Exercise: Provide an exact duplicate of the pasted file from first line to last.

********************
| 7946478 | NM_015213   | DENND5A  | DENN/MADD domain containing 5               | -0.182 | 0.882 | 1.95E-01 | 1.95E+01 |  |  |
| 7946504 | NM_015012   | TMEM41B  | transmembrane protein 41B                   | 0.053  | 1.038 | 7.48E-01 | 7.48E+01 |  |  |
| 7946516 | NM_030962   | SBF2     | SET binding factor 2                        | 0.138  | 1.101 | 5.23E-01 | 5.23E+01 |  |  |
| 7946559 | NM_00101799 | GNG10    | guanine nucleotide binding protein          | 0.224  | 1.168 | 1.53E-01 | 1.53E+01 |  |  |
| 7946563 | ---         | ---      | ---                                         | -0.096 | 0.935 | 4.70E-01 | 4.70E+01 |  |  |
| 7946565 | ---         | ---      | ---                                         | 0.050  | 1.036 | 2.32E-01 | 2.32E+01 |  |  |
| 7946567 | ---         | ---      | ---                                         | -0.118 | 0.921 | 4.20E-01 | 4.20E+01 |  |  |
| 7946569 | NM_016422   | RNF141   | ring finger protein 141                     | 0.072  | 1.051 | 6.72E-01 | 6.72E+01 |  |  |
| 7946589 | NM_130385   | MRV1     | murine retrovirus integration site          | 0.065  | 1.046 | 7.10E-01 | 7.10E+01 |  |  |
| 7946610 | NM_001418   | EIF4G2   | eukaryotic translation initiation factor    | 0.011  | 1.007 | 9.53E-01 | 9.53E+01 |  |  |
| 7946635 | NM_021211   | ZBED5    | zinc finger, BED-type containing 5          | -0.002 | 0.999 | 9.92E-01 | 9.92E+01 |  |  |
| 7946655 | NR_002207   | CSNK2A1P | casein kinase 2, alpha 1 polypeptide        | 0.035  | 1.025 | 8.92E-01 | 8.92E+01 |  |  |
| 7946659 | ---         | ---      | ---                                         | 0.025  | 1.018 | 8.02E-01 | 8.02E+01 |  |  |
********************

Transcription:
| 7946478 | NM_015213   | DENND5A  | DENN/MADD domain containing 5               | -0.182 | 0.882 | 1.95E-01 | 1.95E+01 |  |  |
| 7946504 | NM_015012   | TMEM41B  | transmembrane protein 41B                   | 0.053  | 1.038 | 7.48E-01 | 7.48E+01 |  |  |
| 7946516 | NM_030962   | SBF2     | SET binding factor 2                        | 0.138  | 1.101 | 5.23E-01 | 5.23E+01 |  |  |
| 7946559 | NM_00101799 | GNG10    | guanine nucleotide binding protein          | 0.224  | 1.168 | 1.53E-01 | 1.53E+01 |  |  |
| 7946563 | ---         | ---      | ---                                         | -0.096 | 0.935 | 4.70E-01 | 4.70E+01 |  |  |
| 7946565 | ---         | ---      | ---                                         | 0.050  | 1.036 | 2.32E-01 | 2.32E+01 |  |  |
| 7946567 | ---         | ---      | ---                                         | -0.118 | 0.921 | 4.20E-01 | 4.20E+01 |  |  |
| 7946569 | NM_016422   | RNF141   | ring finger protein 141                     | 0.072  | 1.051 | 6.72E-01 | 6.72E+01 |  |  |
| 7946589 | NM_130385   | MRV1     | murine retrovirus integration site          | 0.065  | 1.046 | 7.10E-01 | 7.10E+01 |  |  |
| 7946610 | NM_001418   | EIF4G2   | eukaryotic translation initiation factor    | 0.011  | 1.007 | 9.53E-01 | 9.53E+01 |  |  |
| 7946635 | NM_021211   | ZBED5    | zinc finger, BED-type containing 5          | -0.002 | 0.999 | 9.92E-01 | 9.92E+01 |  |  |
| 7946655 | NR_002207   | CSNK2A1P | casein kinase 2, alpha 1 polypeptide        | 0.035  | 1.025 | 8.92E-01 | 8.92E+01 |  |  |
| 7946659 | ---         | ---      | ---                                         | 0.025  | 1.018 | 8.02E-01 | 8.02E+01 |  |  |